Traveling to Eldoret more or less started on Saturday (02/24), with my parents and I driving up to northwest Indiana, or more affectionately known as “The Region”. I was staying with Meg for the evening before our flight out of Chicago the next day. Our families shared a lovely Italian dinner together before Mark & Sue (my parents) said their final goodbyes and surely cried throughout their 2.5-hour trek back home (kidding, they were probably celebrating my departure).
Sunday afternoon came quickly, and we were off towards O’Hare International Airport for leg 1 of 2, ORD --> AMS (the code word for Amsterdam). Megan’s mom snapped various glamour shots/photos as we made our way from the curb through the airport doors. FREEEEEDOM! (sorry mom & dad). Wow, it was finally starting to feel real.
After a quick blip getting our bags checked, security was a breeze and within 10 minutes we were at our gate, greeted by a few fellow early-bird friends. With time to kill, I decided to unwrap a card game called Organ Attack, which I’ve owned for nearly a year but hadn’t actually played since before I bought it. The one-liner summary of this game aimed towards medical nerds like ourselves: You each get a handful of “organs” to protect and try to kill off your friends’ organs through attack cards such as cancer, hypothyroidism, and acne. It’s a real doozy of a game and is sure to be a hit at the IU House with the rest of our medically-inclined friends.
The first plane ride (Chicago to Amsterdam) was fairly easy despite not getting even a minute of shut-eye. Maybe I shouldn’t have had coke and coffee every time the flight attendants came by… live and learn. The trip was 7 hours and 40 minutes on a ginormous Boeing 747 – the biggest plane I’ve ever set foot on, with 10 seats across and an exclusive upper-deck for those flying first class (see photo below for enormity).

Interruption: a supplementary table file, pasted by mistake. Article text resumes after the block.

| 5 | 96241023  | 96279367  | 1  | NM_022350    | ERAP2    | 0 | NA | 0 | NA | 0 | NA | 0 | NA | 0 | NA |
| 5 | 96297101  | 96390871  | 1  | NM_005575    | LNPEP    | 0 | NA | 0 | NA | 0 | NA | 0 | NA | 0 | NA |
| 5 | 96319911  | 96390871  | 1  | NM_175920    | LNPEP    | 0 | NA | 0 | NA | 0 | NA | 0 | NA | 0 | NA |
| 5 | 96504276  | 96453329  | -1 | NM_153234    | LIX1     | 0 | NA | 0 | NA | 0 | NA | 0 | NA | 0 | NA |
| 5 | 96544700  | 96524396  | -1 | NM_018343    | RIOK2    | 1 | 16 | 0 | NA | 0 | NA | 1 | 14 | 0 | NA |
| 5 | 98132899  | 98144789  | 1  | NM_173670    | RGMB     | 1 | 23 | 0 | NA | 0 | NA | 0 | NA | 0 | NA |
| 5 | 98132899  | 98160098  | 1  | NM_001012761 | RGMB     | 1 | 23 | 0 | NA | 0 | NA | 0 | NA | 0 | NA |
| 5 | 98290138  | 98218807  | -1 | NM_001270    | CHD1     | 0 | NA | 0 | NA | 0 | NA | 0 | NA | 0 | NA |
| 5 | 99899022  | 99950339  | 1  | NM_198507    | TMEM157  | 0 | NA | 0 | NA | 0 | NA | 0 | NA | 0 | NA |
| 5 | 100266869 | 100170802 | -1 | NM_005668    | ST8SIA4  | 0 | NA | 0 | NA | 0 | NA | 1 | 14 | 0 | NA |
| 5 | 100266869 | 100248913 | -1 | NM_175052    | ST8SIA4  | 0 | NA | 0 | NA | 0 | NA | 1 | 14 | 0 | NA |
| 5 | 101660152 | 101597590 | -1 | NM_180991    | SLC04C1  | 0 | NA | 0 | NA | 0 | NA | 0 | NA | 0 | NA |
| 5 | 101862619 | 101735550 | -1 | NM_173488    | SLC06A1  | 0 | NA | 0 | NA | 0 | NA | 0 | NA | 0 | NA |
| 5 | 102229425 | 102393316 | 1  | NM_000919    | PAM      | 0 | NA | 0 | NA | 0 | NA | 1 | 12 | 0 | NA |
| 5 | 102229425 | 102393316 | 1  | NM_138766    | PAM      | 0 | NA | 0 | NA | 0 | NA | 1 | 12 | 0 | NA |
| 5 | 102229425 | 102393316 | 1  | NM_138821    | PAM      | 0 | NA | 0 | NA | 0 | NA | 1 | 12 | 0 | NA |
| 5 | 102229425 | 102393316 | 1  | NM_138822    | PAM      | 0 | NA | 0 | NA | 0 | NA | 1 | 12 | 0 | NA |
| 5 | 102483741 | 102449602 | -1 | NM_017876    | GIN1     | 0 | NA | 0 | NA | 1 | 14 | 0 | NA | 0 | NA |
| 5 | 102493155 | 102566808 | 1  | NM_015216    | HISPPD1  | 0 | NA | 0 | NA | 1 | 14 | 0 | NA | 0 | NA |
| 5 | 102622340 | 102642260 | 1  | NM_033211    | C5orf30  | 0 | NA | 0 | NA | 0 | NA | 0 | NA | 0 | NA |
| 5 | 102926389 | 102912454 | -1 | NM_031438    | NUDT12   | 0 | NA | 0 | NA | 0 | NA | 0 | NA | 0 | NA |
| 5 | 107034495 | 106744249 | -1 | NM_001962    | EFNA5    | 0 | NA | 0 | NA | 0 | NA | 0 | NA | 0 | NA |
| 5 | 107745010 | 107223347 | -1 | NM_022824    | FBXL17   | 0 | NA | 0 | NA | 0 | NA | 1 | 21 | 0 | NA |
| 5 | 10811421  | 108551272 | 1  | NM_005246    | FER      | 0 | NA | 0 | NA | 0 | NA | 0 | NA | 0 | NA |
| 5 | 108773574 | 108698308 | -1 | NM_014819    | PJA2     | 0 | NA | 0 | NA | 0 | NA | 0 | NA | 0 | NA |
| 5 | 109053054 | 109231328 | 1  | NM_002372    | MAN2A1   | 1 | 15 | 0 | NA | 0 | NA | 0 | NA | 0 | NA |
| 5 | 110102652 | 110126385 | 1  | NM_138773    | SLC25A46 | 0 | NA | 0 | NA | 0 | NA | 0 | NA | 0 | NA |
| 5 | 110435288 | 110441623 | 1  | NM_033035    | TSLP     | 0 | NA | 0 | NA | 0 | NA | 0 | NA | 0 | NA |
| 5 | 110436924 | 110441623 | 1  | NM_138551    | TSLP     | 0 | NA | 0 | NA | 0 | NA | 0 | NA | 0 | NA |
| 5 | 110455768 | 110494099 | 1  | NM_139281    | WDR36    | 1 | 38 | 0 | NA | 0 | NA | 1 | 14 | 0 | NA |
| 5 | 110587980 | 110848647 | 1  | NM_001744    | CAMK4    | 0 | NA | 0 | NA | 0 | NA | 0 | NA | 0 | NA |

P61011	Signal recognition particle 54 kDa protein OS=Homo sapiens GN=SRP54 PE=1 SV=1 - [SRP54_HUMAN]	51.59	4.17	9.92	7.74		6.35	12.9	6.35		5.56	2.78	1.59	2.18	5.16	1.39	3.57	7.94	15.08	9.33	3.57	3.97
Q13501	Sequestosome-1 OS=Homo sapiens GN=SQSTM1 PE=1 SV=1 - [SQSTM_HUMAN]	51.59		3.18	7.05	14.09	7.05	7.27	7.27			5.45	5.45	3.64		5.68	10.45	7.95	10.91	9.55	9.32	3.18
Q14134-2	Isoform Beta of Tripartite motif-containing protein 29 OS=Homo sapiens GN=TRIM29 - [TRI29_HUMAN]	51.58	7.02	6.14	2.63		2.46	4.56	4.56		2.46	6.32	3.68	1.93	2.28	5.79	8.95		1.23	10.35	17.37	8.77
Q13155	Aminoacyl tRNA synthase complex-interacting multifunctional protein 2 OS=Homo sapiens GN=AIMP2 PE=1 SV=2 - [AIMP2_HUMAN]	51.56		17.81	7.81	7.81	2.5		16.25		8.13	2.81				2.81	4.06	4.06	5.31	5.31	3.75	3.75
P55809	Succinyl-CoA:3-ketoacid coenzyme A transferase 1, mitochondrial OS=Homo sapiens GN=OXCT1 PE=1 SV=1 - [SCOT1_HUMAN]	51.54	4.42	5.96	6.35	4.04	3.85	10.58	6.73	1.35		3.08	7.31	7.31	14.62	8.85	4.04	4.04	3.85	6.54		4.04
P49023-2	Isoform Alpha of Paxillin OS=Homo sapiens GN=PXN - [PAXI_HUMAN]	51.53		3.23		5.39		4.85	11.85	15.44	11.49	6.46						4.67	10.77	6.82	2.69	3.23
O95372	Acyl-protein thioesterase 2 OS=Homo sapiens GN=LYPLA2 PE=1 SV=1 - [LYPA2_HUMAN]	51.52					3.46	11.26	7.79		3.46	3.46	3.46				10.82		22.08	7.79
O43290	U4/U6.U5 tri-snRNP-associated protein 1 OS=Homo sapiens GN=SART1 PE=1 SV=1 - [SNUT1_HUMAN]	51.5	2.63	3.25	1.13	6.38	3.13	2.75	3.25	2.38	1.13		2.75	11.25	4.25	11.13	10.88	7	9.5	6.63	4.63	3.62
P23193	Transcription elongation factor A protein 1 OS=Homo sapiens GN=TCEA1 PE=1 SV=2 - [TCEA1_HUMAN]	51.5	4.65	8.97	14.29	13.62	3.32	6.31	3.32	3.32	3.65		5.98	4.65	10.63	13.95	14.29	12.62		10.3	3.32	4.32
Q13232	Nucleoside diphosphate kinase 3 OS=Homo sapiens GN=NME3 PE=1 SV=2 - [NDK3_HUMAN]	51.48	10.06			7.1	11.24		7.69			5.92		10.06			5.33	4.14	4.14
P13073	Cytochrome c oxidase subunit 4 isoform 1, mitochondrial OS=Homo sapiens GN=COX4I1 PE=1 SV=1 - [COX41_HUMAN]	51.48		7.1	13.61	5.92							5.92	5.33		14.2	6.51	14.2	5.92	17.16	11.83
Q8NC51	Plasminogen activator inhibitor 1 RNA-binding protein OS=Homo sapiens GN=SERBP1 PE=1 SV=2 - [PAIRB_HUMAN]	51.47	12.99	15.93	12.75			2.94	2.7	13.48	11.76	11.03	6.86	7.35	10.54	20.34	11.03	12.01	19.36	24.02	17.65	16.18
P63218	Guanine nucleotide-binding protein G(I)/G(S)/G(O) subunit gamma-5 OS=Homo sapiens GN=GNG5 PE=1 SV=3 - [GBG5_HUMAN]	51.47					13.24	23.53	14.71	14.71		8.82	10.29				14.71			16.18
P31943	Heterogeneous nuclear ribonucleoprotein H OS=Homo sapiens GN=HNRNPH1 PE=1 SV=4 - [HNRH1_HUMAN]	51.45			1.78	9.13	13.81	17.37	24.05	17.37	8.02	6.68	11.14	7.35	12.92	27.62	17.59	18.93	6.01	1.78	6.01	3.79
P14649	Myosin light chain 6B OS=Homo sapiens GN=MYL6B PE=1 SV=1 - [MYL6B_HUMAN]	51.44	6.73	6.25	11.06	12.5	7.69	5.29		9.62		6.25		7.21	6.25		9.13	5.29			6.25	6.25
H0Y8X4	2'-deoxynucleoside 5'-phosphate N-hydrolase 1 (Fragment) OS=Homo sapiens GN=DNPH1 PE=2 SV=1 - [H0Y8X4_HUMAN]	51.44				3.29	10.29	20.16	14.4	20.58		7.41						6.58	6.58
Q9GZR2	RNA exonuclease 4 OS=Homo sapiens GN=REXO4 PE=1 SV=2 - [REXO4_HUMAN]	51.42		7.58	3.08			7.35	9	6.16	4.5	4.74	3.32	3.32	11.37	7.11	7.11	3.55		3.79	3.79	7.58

A 5-hour layover stood between us and our next phenomenally-long international flight. After a few failed attempts at trying to get into some of the luxury sky lounges, we settled on a tolerable area that had outlets and food nearby. The plane that took us from Amsterdam to Nairobi held even more people than the first, apparently another 20 rows deeper. The flight was painless, albeit worse food than before, and we arrived in Nairobi completely oblivious to our upcoming annoyances.
We got off the plane and headed towards the immigration line, which took a blistering hour to get through. But after scanning our fingerprints and handing over some paperwork, we were good to go. As we approached our next task, customs, we were nervous after hearing stories from past students about having their luggage searched and being questioned by guards; however; to our delight, we literally walked right through “customs” without seeing a single person. Wow… if only it were that easy everywhere.
Another hour and a half went by before we were (finally) checked into our hotel and by this time it was close to 11:30pm local time. Our domestic flight to Eldoret, our final destination, was at 6:30am so we got an unfortunately short 3 hours of sleep before rising again. Fast forward past going back to the airport, being dropped off at the wrong terminal, taking a bus to the right terminal, and going through security with guards armed with machine guns, annnd we were finally on our tiny 10-row, 23-seater prop jet that took us to Eldoret. The whole flight was smooth except for landing and oh my god we were at our last stop. We jumped into a few SUVs that would take us to “IU House”, our home for the next 8 weeks, and began to take in the sights and sounds of Africa.
I’ll end my first post here, seeing how long it already is… Please feel free to comment below or text me (I can receive iMessages), and ask ANY questions you might have and I will happily answer them!